Giggs: Nothing is harder to win
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Ryan Giggs is the most decorated footballer in British history. Since turning professional 18 years ago, the Welsh midfielder has won ten Premier League titles, four FA Cups, two League Cups and two UEFA Champions League trophies - an honours list that puts most English top-flight clubs in the shade, let alone their players.

But out of all of his medals, he counts the 1999 success in the Intercontinental Cup success as being the most difficult to win. Giggs was man of the match and set up Roy Keane for the only goal of the game when Manchester United defeated Palmeiras in Tokyo on 30 November.

With the Red Devils returning to Japan for their debut appearance in the FIFA Club World Cup next week, Giggs hopes that he will be feeling on top of the world once again, but acknowledges that with potentially two continental champions to defeat en route to the trophy, it will be even harder.

"The Intercontinental Cup has been the toughest to win," he told FIFA.com. "First of all, we had to qualify for the Champions League, which is tough, then you've got to win it, which is even more difficult - and then beat the champions of South America, who had achieved everything we'd achieved.

"I've got good memories of the game. In parts Palmeiras were the better team, but we managed to get the goal and it was a great feeling, because the club had never won it. Before the game, the manager reminded us of that - and so we were all focused on winning it - just as we are today.

"It's a bigger competition now. In the past it was just Europe against South America, but now every continent is involved. It would be very special to be crowned champions of the world. Obviously, there's two games to play this time, so it's going to be even tougher, but would be great if we did."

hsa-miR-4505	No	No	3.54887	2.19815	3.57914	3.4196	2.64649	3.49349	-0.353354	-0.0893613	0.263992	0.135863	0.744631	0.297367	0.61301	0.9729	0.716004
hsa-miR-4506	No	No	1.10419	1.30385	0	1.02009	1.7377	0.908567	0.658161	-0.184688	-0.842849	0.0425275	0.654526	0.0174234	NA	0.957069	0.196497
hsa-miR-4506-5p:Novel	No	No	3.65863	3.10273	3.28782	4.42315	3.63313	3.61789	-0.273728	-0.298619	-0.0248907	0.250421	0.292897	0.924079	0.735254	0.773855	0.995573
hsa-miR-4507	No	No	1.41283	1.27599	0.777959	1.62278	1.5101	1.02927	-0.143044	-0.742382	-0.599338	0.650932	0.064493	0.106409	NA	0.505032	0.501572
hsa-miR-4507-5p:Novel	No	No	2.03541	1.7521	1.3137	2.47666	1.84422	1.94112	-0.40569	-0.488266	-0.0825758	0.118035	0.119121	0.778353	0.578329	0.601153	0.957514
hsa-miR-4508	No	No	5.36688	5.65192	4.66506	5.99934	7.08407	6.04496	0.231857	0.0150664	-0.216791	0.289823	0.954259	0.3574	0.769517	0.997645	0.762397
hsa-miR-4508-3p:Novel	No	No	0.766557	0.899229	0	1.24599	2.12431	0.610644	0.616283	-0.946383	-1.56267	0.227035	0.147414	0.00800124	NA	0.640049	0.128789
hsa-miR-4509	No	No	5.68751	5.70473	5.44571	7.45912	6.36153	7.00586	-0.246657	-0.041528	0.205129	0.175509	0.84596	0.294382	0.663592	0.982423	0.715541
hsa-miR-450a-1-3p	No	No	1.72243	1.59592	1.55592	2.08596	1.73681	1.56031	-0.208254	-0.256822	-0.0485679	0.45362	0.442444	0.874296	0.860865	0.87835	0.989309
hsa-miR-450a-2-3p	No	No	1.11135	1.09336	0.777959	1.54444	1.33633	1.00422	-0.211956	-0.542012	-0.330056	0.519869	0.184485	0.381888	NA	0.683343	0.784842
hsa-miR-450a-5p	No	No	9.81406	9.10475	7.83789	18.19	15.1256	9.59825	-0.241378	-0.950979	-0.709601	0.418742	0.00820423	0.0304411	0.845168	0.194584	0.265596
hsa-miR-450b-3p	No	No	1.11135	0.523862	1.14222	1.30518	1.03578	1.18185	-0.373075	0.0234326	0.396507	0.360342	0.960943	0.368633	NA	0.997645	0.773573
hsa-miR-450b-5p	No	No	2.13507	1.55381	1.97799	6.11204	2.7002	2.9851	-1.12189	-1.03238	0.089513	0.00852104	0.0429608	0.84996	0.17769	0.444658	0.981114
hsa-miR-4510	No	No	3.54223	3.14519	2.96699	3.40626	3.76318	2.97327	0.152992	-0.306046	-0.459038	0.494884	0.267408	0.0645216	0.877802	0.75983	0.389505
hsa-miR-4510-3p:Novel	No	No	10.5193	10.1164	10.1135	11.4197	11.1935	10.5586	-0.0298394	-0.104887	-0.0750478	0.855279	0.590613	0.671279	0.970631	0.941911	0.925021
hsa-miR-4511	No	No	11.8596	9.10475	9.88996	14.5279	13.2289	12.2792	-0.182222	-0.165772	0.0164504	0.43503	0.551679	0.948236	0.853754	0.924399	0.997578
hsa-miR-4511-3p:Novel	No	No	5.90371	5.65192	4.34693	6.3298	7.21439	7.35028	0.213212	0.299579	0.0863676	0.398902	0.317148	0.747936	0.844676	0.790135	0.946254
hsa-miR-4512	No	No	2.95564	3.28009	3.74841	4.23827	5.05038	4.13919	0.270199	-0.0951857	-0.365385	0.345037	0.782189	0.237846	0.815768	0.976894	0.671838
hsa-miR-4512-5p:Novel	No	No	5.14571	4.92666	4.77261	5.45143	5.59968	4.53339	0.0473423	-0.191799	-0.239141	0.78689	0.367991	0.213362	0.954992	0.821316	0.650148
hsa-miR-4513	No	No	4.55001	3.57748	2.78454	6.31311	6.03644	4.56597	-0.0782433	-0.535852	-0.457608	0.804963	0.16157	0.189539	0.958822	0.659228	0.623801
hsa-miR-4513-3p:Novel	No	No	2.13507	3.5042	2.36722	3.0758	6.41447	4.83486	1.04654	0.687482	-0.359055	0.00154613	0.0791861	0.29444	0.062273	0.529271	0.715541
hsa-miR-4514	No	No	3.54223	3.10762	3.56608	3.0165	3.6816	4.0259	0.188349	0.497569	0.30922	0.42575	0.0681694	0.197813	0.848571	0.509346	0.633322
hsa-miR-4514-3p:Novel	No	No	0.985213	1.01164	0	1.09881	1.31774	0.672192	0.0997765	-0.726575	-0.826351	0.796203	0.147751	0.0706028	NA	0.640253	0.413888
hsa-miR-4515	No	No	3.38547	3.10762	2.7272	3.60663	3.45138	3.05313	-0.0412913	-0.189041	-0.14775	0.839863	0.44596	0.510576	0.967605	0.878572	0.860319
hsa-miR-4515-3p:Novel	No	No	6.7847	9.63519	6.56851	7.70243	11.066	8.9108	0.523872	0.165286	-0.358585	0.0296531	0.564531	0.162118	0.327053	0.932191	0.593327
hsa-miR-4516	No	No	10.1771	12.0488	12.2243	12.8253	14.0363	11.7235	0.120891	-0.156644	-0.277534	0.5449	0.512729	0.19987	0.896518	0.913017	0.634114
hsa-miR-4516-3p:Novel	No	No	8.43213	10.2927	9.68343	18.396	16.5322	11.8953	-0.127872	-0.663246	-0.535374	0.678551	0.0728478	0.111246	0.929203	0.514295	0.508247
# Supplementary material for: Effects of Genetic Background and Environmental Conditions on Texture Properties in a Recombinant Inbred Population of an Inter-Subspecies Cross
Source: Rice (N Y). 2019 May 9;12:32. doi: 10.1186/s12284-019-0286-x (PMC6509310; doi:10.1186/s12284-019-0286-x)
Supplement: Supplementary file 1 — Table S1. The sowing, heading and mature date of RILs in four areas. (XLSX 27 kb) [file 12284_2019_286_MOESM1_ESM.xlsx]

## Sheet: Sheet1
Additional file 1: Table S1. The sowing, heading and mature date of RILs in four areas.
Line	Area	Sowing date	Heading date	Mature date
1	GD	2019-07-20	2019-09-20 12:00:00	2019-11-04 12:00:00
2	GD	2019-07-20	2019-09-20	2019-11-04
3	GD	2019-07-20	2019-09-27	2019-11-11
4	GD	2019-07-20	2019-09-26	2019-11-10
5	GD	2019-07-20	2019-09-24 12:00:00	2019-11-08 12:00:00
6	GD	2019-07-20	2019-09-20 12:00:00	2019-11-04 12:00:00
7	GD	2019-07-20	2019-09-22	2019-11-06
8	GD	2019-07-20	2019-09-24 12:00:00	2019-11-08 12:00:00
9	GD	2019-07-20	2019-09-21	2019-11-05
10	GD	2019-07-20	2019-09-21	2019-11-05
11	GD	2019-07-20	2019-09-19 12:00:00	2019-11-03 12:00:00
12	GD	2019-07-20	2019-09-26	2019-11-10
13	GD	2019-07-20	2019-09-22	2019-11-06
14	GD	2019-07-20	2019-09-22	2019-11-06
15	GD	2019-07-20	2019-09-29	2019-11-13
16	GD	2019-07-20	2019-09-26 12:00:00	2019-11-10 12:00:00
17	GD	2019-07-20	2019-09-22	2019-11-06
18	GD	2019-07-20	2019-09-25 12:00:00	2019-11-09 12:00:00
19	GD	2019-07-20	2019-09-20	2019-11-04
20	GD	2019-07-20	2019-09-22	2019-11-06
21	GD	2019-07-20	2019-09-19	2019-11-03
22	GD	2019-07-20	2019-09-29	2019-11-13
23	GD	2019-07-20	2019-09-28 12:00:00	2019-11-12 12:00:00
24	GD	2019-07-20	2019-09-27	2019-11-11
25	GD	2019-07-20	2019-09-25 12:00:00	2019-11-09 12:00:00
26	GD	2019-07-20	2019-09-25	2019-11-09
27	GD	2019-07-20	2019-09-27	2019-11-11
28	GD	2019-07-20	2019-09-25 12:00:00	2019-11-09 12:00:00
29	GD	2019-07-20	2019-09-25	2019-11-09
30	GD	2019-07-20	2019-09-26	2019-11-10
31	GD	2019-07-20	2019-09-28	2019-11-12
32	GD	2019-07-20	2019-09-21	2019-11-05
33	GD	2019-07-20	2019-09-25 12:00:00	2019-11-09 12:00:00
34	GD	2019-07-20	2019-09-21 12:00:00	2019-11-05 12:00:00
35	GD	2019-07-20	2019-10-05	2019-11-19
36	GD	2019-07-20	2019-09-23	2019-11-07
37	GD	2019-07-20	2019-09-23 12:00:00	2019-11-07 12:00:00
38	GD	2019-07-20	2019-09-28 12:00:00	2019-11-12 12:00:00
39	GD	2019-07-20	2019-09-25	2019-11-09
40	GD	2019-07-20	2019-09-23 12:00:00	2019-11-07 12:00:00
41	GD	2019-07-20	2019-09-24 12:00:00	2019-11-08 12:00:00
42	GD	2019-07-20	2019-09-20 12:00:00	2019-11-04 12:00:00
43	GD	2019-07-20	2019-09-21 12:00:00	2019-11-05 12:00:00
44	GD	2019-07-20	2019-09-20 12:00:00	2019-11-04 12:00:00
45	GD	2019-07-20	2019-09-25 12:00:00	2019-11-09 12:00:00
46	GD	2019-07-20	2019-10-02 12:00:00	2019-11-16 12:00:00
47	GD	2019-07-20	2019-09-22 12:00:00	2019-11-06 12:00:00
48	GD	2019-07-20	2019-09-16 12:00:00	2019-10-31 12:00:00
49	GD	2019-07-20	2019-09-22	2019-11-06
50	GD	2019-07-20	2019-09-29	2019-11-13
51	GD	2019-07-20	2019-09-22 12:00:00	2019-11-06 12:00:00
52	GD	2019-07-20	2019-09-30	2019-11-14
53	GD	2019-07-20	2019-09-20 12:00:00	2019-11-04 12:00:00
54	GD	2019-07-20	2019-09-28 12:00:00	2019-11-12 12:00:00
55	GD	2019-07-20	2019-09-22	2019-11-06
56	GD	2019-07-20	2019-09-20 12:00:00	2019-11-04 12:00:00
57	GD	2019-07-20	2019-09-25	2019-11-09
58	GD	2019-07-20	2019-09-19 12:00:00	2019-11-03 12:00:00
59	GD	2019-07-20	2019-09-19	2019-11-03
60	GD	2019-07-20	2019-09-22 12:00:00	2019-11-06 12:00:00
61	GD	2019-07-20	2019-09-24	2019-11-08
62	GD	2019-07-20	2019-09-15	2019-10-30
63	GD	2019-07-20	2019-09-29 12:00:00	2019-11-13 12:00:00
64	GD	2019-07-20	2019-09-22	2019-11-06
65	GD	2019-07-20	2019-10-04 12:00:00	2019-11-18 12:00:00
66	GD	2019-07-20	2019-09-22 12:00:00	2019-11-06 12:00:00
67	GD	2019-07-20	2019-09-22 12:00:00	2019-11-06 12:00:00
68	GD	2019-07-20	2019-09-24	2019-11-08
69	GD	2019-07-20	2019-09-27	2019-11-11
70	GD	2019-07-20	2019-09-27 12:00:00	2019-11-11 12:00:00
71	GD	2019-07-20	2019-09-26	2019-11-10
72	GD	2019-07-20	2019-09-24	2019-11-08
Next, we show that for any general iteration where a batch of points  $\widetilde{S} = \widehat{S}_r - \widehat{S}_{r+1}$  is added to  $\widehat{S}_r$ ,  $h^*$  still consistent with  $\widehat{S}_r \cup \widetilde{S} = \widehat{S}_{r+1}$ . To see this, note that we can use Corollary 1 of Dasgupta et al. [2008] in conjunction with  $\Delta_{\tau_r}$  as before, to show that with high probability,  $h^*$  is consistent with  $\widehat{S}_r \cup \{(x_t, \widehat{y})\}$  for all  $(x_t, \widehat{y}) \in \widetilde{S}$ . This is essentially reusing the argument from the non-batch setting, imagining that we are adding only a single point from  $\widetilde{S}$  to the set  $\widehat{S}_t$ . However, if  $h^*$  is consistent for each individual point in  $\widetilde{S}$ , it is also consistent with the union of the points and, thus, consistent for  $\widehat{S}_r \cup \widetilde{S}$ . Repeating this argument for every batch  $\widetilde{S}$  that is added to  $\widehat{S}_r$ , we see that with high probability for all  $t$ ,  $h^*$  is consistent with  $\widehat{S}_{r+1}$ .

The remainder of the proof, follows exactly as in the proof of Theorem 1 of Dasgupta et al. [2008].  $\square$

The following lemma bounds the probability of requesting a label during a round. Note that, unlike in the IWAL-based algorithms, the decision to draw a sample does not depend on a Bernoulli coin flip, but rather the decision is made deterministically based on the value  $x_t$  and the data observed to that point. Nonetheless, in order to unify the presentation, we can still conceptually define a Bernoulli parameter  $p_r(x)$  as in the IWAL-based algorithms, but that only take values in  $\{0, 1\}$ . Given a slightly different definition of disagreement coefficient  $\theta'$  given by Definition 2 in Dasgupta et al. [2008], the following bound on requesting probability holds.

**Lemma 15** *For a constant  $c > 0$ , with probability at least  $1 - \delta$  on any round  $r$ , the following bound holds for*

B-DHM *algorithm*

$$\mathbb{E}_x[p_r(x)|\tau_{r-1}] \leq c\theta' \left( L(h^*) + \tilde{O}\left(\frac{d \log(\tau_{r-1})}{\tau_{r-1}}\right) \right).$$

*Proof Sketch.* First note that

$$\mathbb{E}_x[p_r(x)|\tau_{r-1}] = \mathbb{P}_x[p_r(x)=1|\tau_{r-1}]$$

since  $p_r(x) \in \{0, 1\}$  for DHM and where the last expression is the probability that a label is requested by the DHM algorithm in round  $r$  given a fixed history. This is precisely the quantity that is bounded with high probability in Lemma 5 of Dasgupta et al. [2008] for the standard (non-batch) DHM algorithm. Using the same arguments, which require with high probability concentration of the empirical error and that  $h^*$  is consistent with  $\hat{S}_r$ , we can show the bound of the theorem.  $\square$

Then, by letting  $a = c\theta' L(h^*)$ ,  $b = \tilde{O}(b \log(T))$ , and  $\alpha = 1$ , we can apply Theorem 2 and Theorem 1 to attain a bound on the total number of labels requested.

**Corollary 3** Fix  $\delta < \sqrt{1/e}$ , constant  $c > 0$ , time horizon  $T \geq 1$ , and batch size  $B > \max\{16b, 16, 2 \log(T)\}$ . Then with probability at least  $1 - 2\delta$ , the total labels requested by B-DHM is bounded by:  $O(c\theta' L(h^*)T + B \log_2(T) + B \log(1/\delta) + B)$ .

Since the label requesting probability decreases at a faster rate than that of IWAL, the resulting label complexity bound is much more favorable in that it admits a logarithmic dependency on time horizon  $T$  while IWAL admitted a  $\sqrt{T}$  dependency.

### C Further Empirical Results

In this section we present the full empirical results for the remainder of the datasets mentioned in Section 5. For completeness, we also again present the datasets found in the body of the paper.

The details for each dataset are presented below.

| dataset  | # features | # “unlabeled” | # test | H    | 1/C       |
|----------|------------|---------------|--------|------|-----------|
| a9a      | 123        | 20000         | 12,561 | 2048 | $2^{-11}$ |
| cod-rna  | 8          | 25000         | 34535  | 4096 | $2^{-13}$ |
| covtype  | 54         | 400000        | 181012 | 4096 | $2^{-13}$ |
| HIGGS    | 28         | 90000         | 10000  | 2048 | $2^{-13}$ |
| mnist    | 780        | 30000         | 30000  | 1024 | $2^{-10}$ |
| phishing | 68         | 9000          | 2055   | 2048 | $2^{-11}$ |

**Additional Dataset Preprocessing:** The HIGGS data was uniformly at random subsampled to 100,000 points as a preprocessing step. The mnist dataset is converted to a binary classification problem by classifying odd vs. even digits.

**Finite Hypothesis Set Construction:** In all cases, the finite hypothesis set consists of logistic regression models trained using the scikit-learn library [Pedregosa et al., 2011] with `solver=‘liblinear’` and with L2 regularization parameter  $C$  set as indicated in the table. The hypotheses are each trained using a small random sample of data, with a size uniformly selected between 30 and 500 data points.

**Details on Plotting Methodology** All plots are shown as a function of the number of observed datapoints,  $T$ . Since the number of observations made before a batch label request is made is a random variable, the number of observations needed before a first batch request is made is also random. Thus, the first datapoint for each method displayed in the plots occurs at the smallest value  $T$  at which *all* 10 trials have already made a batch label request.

I've never been tempted to look elsewhere. As a footballer, you want to win things and you always have a chance of that at Manchester United.
Ryan Giggs explains to FIFA.com why he's a one-club man.

Loyalty and glory
Giggs's successful penalty at the Champions League final against Chelsea turned out to be decisive, rewarding Manchester United not only with the trophy, but a place at the FIFA Club World Cup. "I was a little bit nervous, but not that nervous really," he recalled. "I'd practiced a lot and I was quite confident that I was going to score. The training and the build-up to that game helped because we just practiced and practiced - and it was a good job I did!"

The victory, United's third in Europe after wins in 1968 and 1999, further emphasised their credentials as Britain's biggest club and Giggs, one of the few one-club men at the highest level of in English football is under no illusion that there is something unique about the Red Devils and their manager, Sir Alex Ferguson.

"I think there are a lot of things that make Manchester United a special club. The history - the successes, the Busby Babes, the Munich air disaster, its great players and teams as well as also what the club has achieved under Sir Alex. When all that gets added together, it makes Manchester United a massive club.

"I've never been tempted to look elsewhere. As a footballer, you want to win things and you always have a chance of that at Manchester United. Every season, you want a challenge - and you always have that here.

"It's also great to play under the manager. He's known me since I was 13 and that's over 20 years now, which is frightening for me! He's done a remarkable job and I'm proud to be a part of that."